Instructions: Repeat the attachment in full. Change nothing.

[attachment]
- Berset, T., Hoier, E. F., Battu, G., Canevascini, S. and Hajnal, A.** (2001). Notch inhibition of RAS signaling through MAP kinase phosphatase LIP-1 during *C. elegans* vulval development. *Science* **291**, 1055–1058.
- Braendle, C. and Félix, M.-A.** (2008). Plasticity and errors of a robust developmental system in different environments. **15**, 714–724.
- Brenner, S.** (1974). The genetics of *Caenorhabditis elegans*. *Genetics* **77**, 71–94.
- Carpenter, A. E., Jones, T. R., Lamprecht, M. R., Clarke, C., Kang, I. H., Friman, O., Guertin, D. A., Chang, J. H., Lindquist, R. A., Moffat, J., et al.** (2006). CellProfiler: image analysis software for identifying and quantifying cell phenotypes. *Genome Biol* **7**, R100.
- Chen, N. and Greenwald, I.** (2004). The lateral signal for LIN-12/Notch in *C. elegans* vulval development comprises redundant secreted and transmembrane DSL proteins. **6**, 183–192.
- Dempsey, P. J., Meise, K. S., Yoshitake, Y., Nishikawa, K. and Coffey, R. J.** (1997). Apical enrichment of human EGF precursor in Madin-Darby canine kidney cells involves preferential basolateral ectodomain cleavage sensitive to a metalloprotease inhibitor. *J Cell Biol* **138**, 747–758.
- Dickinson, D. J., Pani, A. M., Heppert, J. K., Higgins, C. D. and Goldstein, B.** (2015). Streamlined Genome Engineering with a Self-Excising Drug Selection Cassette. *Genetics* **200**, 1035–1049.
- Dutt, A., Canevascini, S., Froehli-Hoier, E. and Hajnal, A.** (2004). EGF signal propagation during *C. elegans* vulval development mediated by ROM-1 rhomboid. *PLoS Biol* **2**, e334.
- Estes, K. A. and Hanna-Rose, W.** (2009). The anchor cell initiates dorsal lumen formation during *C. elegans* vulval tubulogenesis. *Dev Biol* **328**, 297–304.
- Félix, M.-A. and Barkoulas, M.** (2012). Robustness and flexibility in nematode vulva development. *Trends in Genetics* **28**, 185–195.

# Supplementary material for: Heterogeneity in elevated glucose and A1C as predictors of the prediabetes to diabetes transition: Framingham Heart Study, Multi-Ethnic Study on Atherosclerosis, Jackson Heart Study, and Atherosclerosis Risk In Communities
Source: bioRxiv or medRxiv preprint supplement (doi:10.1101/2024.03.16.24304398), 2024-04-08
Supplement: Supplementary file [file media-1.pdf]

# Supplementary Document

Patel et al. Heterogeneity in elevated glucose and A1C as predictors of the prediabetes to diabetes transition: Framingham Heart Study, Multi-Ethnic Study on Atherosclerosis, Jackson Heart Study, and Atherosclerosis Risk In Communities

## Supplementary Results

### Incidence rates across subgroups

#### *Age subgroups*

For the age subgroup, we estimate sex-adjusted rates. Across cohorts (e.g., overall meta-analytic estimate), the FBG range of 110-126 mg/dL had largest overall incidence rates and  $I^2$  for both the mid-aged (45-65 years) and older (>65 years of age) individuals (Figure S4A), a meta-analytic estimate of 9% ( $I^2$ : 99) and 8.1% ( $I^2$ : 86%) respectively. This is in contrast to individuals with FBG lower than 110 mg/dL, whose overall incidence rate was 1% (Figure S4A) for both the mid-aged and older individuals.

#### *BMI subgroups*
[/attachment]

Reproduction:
- Berset, T., Hoier, E. F., Battu, G., Canevascini, S. and Hajnal, A.** (2001). Notch inhibition of RAS signaling through MAP kinase phosphatase LIP-1 during *C. elegans* vulval development. *Science* **291**, 1055–1058.
- Braendle, C. and Félix, M.-A.** (2008). Plasticity and errors of a robust developmental system in different environments. **15**, 714–724.
- Brenner, S.** (1974). The genetics of *Caenorhabditis elegans*. *Genetics* **77**, 71–94.
- Carpenter, A. E., Jones, T. R., Lamprecht, M. R., Clarke, C., Kang, I. H., Friman, O., Guertin, D. A., Chang, J. H., Lindquist, R. A., Moffat, J., et al.** (2006). CellProfiler: image analysis software for identifying and quantifying cell phenotypes. *Genome Biol* **7**, R100.
- Chen, N. and Greenwald, I.** (2004). The lateral signal for LIN-12/Notch in *C. elegans* vulval development comprises redundant secreted and transmembrane DSL proteins. **6**, 183–192.
- Dempsey, P. J., Meise, K. S., Yoshitake, Y., Nishikawa, K. and Coffey, R. J.** (1997). Apical enrichment of human EGF precursor in Madin-Darby canine kidney cells involves preferential basolateral ectodomain cleavage sensitive to a metalloprotease inhibitor. *J Cell Biol* **138**, 747–758.
- Dickinson, D. J., Pani, A. M., Heppert, J. K., Higgins, C. D. and Goldstein, B.** (2015). Streamlined Genome Engineering with a Self-Excising Drug Selection Cassette. *Genetics* **200**, 1035–1049.
- Dutt, A., Canevascini, S., Froehli-Hoier, E. and Hajnal, A.** (2004). EGF signal propagation during *C. elegans* vulval development mediated by ROM-1 rhomboid. *PLoS Biol* **2**, e334.
- Estes, K. A. and Hanna-Rose, W.** (2009). The anchor cell initiates dorsal lumen formation during *C. elegans* vulval tubulogenesis. *Dev Biol* **328**, 297–304.
- Félix, M.-A. and Barkoulas, M.** (2012). Robustness and flexibility in nematode vulva development. *Trends in Genetics* **28**, 185–195.

# Supplementary material for: Heterogeneity in elevated glucose and A1C as predictors of the prediabetes to diabetes transition: Framingham Heart Study, Multi-Ethnic Study on Atherosclerosis, Jackson Heart Study, and Atherosclerosis Risk In Communities
Source: bioRxiv or medRxiv preprint supplement (doi:10.1101/2024.03.16.24304398), 2024-04-08
Supplement: Supplementary file [file media-1.pdf]

# Supplementary Document

Patel et al. Heterogeneity in elevated glucose and A1C as predictors of the prediabetes to diabetes transition: Framingham Heart Study, Multi-Ethnic Study on Atherosclerosis, Jackson Heart Study, and Atherosclerosis Risk In Communities

## Supplementary Results

### Incidence rates across subgroups

#### *Age subgroups*

For the age subgroup, we estimate sex-adjusted rates. Across cohorts (e.g., overall meta-analytic estimate), the FBG range of 110-126 mg/dL had largest overall incidence rates and  $I^2$  for both the mid-aged (45-65 years) and older (>65 years of age) individuals (Figure S4A), a meta-analytic estimate of 9% ( $I^2$ : 99) and 8.1% ( $I^2$ : 86%) respectively. This is in contrast to individuals with FBG lower than 110 mg/dL, whose overall incidence rate was 1% (Figure S4A) for both the mid-aged and older individuals.

#### *BMI subgroups*